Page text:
This illuminating and disturbing book explores how various forms of white supremacy became expressed in policies, laws, and elected officials, such as Donald Trump. Physician and sociologist Metzl details social changes in Missouri, Tennessee, and Kansas, where white Americans backed changes that, ironically, dramatically harmed them with gun suicides, school dropouts, worse healthcare, and shorter life spans. For Metzl, “Whiteness” refers not to skin color but to a political and economic system of white privilege.

Metzl's thesis that: “Trump supporters were willing to put their lives on the line in support of their political beliefs” was, in fact, a sort of “self-sabotage” (pp. 5-6). While a conservative political movement fostered white racial resentment, largely in lower-income communities, the mainstream GOP did its part by crafting policies against the Affordable Care Act, higher taxes, and restrictions on guns. An atmosphere of polarization and political stasis grew. Metzl writes: “Compromise, in many ways, coded as treason” (p. 11).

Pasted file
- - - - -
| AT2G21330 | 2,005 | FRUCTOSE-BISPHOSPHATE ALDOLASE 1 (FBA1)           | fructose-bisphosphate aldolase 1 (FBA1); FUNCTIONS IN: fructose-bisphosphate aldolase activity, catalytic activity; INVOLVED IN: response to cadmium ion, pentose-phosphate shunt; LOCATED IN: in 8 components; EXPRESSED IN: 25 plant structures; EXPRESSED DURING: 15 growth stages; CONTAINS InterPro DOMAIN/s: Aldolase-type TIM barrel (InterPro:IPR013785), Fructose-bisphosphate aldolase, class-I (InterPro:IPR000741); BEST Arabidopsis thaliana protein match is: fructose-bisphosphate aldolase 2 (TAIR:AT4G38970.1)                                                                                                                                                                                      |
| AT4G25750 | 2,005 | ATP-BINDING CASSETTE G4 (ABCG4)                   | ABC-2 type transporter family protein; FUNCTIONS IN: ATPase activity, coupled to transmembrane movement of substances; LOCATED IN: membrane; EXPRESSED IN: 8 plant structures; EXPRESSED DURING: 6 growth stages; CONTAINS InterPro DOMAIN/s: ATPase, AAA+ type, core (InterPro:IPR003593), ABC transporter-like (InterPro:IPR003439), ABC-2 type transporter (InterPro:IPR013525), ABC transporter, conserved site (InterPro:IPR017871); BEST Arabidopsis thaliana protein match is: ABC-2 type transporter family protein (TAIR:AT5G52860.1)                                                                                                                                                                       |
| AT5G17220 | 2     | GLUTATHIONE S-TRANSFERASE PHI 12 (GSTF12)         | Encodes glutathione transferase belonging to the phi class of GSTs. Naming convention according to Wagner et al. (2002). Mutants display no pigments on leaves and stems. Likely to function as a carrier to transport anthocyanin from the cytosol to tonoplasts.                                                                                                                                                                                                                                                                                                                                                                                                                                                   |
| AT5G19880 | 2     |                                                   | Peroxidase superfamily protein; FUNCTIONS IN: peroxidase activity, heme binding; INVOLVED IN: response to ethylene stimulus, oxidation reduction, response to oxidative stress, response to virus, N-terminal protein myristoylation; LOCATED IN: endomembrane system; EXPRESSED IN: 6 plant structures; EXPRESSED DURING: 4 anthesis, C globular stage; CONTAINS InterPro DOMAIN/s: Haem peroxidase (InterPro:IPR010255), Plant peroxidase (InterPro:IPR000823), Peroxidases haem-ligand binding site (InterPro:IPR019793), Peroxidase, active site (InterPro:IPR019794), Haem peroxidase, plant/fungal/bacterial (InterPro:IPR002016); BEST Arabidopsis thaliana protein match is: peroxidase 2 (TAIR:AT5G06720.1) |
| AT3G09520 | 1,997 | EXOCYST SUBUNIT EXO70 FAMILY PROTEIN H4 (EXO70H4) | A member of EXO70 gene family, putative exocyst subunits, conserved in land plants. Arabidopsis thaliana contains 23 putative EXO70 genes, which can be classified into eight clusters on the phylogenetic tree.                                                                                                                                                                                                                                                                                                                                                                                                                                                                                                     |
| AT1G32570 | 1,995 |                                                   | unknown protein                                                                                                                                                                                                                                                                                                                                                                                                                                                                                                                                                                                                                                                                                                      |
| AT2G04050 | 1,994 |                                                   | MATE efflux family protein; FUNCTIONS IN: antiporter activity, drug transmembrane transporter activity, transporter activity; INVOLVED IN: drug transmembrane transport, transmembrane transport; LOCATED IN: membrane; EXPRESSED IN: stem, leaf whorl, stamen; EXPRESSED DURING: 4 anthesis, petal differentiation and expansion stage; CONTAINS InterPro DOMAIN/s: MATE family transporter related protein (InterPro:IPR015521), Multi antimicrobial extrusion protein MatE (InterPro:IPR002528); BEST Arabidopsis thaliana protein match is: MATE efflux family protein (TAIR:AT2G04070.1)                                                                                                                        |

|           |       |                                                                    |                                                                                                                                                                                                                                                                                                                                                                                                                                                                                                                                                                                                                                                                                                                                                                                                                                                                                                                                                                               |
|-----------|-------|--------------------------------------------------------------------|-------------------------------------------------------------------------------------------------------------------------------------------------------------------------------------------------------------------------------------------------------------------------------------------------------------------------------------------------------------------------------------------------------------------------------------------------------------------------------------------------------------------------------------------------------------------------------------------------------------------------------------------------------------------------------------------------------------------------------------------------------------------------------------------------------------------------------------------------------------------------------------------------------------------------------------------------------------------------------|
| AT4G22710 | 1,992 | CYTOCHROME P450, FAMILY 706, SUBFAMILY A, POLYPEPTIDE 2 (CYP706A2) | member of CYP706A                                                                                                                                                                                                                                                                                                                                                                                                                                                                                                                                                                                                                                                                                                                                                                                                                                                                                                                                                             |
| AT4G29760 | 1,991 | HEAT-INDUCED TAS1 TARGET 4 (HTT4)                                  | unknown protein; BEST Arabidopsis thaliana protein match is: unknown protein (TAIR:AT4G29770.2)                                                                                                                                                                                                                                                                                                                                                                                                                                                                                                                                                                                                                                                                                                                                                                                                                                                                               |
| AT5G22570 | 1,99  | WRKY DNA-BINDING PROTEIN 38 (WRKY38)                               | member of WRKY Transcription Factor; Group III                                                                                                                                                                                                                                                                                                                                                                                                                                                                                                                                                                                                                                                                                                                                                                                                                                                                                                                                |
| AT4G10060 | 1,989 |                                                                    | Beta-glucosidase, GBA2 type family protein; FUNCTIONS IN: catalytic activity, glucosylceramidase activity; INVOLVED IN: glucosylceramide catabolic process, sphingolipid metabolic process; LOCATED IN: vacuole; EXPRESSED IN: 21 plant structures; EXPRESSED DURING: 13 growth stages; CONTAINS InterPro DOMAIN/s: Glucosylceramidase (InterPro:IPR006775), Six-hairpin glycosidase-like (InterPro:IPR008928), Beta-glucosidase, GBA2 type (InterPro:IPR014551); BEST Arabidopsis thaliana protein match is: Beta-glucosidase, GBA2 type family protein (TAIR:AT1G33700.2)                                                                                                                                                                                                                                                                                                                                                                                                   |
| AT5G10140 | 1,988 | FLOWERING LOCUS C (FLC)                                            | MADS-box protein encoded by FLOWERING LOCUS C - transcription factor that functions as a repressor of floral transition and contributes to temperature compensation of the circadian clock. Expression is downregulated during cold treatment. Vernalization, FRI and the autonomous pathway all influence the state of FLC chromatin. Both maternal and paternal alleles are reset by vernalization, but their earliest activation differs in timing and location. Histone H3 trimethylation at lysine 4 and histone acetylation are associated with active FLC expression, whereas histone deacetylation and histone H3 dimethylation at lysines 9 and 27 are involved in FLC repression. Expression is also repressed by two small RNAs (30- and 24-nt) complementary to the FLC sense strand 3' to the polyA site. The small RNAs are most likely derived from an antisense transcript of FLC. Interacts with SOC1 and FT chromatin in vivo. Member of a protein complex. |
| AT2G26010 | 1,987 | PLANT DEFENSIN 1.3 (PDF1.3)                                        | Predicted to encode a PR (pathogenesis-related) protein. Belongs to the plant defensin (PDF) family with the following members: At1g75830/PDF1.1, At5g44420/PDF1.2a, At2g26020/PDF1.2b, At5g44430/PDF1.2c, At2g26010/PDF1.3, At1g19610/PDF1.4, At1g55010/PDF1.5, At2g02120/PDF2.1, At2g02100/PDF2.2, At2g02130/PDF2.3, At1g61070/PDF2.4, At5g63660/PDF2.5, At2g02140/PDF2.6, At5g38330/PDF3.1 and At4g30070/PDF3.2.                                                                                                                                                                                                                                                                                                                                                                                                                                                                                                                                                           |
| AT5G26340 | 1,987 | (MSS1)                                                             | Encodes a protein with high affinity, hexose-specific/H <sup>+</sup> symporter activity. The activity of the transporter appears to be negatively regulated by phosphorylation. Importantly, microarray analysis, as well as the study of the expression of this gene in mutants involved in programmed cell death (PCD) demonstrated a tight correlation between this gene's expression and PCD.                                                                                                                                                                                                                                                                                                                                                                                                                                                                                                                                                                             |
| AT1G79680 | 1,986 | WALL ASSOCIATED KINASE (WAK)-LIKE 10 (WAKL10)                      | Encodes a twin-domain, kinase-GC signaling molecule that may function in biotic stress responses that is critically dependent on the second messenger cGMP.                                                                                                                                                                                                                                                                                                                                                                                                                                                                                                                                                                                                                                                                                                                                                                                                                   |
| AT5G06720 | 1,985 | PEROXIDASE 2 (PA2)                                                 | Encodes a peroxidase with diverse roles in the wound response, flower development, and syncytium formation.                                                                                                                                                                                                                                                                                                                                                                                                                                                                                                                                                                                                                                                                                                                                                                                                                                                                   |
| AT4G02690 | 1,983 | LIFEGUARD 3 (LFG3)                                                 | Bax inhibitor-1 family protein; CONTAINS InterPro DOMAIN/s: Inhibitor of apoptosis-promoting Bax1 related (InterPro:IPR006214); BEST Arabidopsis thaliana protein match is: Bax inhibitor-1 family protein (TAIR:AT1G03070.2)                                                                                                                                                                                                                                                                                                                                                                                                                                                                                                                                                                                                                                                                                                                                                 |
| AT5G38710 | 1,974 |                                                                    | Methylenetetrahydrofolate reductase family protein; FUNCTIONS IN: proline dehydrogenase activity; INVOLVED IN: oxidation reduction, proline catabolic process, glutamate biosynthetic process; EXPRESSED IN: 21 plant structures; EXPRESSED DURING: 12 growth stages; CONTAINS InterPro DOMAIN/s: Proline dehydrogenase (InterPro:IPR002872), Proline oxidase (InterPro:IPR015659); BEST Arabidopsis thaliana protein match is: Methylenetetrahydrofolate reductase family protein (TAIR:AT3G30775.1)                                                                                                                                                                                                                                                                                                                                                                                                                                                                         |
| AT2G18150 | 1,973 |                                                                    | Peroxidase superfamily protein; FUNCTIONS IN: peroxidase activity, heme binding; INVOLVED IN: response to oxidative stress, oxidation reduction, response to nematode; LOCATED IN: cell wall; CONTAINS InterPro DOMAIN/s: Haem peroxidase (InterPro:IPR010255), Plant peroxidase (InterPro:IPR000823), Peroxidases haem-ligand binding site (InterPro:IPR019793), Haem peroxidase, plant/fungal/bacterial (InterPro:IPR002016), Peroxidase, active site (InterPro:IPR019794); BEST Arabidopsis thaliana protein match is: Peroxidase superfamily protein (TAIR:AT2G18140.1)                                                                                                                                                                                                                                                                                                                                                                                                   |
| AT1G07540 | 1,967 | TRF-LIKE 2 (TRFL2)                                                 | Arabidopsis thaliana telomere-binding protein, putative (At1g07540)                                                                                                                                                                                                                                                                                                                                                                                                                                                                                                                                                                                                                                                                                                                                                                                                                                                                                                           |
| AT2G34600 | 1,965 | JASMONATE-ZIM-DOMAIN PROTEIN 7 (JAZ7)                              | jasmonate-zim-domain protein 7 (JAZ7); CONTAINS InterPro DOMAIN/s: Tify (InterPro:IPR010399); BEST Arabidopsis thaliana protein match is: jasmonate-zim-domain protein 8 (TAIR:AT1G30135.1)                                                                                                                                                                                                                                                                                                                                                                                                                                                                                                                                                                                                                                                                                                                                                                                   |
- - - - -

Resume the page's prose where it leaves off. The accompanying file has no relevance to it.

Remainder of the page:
Metzl focuses on the examples of Missouri, Tennessee, and Kansas to “suggest how the racial system of American fails everyone” (pp. 16, 20). He visits each state, leading focus groups, interviewing formally and informally, reading newspapers, and inductively formulating concepts that seem to explain the nonsensical behavior of rejecting helpful programs. For example, because “risk” in Missouri has become a code name for possible attacks by black people, white people buy guns, especially when restrictions are removed. Many white men feel that a gun (or many guns) restores their privilege, but suicide of white males, often low-income, goes up. Metzl’s statistics and charts show contrasts with other states with stricter laws and lower suicide rates. He calls for preventive medicine to lower such deaths.